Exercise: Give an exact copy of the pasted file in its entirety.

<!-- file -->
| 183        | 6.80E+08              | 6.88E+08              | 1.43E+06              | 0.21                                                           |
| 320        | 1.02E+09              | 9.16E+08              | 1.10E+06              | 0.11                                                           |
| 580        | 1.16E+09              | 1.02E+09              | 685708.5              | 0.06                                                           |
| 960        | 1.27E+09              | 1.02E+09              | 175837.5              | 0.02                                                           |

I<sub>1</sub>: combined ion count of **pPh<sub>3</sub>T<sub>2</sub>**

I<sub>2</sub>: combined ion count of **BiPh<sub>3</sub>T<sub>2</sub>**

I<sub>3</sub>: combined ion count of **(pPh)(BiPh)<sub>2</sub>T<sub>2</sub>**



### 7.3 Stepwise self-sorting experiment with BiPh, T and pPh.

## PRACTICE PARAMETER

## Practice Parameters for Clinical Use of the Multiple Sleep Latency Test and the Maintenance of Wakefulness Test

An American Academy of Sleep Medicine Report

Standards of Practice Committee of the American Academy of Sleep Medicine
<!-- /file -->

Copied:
| 183        | 6.80E+08              | 6.88E+08              | 1.43E+06              | 0.21                                                           |
| 320        | 1.02E+09              | 9.16E+08              | 1.10E+06              | 0.11                                                           |
| 580        | 1.16E+09              | 1.02E+09              | 685708.5              | 0.06                                                           |
| 960        | 1.27E+09              | 1.02E+09              | 175837.5              | 0.02                                                           |

I<sub>1</sub>: combined ion count of **pPh<sub>3</sub>T<sub>2</sub>**

I<sub>2</sub>: combined ion count of **BiPh<sub>3</sub>T<sub>2</sub>**

I<sub>3</sub>: combined ion count of **(pPh)(BiPh)<sub>2</sub>T<sub>2</sub>**



### 7.3 Stepwise self-sorting experiment with BiPh, T and pPh.

## PRACTICE PARAMETER

## Practice Parameters for Clinical Use of the Multiple Sleep Latency Test and the Maintenance of Wakefulness Test

An American Academy of Sleep Medicine Report

Standards of Practice Committee of the American Academy of Sleep Medicine